Note: I wrote this a few days ago, and planned to publish it later this week, since it wasn’t ‘time-dependent’ or an immediate response to current events. With the death of Justice Ginsburg, events surpassed my blogging schedule…
Recently, some asshole with a blog noted:
…parts of the left, construed somewhat broadly, have downplayed what Biden would mean for the courts and the rule of law in the U.S.–and if those go, then we have no hope of ever truly enacting good policies…
It’s not just the Supreme Court either: on the federal circuit courts, we’ve reached the point where Bush 43 appointees look, in relative terms, like moderates*. You also can add environmental regulation, worker protection, and so many other issues. Biden’s nominees might not be great, especially on economic issues. They probably won’t decide great case law, but they probably wouldn’t stand in the way of Democratic legislation either…
Without it [judicial reform], nothing even has a chance to change. To do that, we need Democrats in the Senate and the White House. Their judges might not be good, but Trump’s judges–and his complete disrespect for the rule of law–will be far worse for the left.
Case in point (pun intended; boldface mine):
A federal judge this week struck down as unconstitutional statewide shutdown policies ordered by Pennsylvania Gov. Tom Wolf (D) to curb the coronavirus. On its own, that is significant — a judge second-guessing a governor during a public-health emergency — but equally notable is how the court arrived at its conclusion. U.S. District Judge William S. Stickman IV put forth an array of objections to the orders, including they violated residents’ First Amendment rights of association and were not tailored to take account of differences in viral spread in different parts of the state. He also argued the governor was not owed any special deference from the court because he was dealing with an emergency.
But what was most striking — what reveals the radical nature of the opinion — is that Stickman leaned on a discredited 1905 Supreme Court decision, Lochner v. New York, in arguing Pennsylvanians had the due process right to choose how to earn a living, even during a pandemic. Until this week’s case, Lochner had been consigned to the dustbin of history. Lochner specifically held that states could not impose maximum hour restrictions on bakers, because that would infringe the bakers’ freedom to work long hours if they chose. But more broadly, Lochner read a theory of “economic liberty” into the Constitution, thereby blocking all sorts of government regulation of working conditions and wages until the mid- to late 1930s, when judges effectively wrote off the decision and departed from its reasoning.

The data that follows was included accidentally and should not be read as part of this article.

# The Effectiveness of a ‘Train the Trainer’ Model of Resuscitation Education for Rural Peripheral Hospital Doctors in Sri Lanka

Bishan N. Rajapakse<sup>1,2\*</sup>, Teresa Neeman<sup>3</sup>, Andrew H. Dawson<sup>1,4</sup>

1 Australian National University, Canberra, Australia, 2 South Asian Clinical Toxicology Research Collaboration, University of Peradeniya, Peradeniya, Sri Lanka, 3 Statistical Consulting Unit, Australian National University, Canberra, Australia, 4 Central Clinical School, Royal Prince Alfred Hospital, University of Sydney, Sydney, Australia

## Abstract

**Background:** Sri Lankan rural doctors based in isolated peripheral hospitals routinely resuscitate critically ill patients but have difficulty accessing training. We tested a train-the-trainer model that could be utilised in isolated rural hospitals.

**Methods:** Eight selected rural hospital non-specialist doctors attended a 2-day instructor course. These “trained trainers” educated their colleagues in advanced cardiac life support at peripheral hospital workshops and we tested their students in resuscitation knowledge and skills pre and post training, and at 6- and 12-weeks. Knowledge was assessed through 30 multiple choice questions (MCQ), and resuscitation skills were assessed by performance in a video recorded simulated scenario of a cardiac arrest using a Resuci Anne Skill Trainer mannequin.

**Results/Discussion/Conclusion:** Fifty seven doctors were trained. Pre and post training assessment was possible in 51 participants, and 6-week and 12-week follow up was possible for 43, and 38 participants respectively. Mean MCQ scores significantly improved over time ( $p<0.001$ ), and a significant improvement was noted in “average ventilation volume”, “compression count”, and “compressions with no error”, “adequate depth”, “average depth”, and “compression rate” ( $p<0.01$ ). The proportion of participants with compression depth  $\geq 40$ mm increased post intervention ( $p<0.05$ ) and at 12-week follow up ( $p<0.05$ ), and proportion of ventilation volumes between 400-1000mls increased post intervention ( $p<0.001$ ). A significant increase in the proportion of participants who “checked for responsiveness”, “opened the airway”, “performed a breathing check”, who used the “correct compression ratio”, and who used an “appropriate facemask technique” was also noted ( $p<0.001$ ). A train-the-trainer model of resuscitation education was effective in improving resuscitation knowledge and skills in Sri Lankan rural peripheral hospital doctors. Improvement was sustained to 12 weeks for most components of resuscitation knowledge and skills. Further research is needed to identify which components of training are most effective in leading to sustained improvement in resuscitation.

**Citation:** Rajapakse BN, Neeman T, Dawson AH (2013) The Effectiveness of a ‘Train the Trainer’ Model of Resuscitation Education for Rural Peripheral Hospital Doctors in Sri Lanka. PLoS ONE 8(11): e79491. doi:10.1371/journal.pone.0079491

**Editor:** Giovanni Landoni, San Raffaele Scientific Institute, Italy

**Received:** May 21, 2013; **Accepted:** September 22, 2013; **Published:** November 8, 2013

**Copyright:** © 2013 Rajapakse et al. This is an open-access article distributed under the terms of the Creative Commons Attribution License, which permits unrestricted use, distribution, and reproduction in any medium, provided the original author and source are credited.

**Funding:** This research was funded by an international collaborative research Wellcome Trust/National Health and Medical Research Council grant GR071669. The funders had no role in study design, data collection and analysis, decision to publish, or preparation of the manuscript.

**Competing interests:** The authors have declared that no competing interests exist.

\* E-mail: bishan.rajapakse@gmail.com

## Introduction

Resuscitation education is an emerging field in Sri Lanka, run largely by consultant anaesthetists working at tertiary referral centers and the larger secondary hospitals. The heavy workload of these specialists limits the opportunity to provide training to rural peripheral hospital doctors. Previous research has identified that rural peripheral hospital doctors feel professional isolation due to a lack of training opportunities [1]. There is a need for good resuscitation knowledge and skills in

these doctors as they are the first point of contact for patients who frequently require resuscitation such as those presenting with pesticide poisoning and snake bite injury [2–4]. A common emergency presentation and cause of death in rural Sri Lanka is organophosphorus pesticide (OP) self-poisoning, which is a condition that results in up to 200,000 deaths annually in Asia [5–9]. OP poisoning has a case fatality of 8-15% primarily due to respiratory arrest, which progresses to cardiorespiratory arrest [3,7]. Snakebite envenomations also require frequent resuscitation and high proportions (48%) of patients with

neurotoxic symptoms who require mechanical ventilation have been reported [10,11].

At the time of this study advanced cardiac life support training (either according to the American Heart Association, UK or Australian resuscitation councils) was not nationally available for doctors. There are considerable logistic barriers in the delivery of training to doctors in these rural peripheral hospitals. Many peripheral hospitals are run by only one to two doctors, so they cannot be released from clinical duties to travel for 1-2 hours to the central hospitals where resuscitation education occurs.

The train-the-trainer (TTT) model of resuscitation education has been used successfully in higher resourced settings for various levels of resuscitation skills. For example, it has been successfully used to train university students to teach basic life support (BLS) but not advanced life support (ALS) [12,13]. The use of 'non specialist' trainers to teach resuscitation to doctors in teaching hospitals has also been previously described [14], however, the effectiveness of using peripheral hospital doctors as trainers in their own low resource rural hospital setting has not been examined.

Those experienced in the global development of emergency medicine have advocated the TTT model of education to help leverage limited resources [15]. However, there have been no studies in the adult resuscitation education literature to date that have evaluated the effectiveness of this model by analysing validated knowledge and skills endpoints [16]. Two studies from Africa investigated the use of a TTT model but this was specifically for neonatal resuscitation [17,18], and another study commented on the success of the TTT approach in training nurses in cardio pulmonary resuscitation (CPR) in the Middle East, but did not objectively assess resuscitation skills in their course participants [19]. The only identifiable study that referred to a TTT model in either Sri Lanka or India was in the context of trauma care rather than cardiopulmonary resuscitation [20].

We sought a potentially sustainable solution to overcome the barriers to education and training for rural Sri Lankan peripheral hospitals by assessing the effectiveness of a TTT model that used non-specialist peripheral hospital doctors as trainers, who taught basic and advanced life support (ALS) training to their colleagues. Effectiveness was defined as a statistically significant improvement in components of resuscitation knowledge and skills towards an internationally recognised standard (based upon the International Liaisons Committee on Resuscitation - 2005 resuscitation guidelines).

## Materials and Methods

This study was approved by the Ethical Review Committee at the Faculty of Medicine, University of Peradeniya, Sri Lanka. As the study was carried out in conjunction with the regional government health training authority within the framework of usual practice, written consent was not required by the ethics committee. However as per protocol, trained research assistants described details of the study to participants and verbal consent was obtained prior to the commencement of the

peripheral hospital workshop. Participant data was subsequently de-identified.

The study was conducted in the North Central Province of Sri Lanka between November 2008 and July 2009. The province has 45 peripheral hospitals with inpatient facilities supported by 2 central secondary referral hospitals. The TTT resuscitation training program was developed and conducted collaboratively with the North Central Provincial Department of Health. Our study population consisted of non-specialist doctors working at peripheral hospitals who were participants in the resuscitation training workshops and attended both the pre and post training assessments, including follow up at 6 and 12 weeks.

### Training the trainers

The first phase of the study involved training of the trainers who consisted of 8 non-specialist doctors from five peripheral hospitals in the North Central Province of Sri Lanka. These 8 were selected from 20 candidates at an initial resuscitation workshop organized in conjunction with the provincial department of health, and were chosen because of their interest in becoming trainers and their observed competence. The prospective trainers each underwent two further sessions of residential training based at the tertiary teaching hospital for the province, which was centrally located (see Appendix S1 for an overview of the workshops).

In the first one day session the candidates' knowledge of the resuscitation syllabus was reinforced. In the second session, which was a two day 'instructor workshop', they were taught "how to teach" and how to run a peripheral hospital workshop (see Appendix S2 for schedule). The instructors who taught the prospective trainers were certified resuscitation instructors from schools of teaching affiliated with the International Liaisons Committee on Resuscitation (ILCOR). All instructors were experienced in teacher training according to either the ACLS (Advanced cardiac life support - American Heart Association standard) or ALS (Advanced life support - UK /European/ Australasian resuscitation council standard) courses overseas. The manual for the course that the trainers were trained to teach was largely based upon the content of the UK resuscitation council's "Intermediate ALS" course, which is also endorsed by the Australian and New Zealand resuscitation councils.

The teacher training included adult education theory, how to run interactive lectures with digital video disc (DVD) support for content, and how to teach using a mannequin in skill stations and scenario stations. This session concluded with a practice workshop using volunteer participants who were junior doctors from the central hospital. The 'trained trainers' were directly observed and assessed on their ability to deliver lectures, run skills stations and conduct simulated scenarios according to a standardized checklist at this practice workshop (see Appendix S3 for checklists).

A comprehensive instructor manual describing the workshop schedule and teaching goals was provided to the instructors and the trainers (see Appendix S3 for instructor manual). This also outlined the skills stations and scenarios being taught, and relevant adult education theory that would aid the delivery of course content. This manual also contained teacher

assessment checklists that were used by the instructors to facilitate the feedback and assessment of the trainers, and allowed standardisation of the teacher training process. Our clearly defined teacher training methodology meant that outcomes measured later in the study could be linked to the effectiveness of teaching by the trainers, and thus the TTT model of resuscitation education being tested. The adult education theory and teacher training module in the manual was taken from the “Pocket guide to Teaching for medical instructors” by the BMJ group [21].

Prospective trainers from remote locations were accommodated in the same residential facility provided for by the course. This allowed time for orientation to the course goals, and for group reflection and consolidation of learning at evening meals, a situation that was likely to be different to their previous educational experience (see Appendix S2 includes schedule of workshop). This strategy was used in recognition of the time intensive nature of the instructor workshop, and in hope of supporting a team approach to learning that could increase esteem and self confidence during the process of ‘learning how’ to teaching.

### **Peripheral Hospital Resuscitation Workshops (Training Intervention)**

Today, of course, states and the federal government regulate working conditions and wages extensively — although libertarians occasionally express the desire to revive the Lochner perspective. That a district court judge would cite the decision shows how consequential President Trump’s stacking of the courts has been. The committed ideologues he has appointed — Stickman joined the district court in 2019 — stand in the way of effective public-health policy and will promote the Republican Party’s political agenda for decades to come. This case shows they will do so even if they have to turn back the constitutional clock.
Parts of the left, including its farther reaches, don’t take into account the importance of the courts or the bureaucracy in terms of governance (we’ll return to bureaucracy in another post). But the judiciary really does matter. In the U.S. system, it has become, for better or for worse, a bizarrely chosen part-veto making, part-legislative body (usually more vetoing than legislating). If the left doesn’t remake the judiciary–and that must be a long term goal–there’s no way a Green New Deal or Medicare for All survive the federal courts–courts in which Bush 43 appointees are now seen as moderates.
We are trying to get out of a hole that was fifty years in the making, and there’s no magic piece (or pieces) of legislation that will make things better. That doesn’t mean we shouldn’t pass good laws–we should. But the left needs to stop acting like insurgents that storm the capital, and, instead, start installing its people in the capital. Not all of those installed have to be ‘radical’ either. It’s enough for some of them to be willing to not get in the way. But power really does matter, and we have to stop being so childish about it, and start studying it and taking it seriously.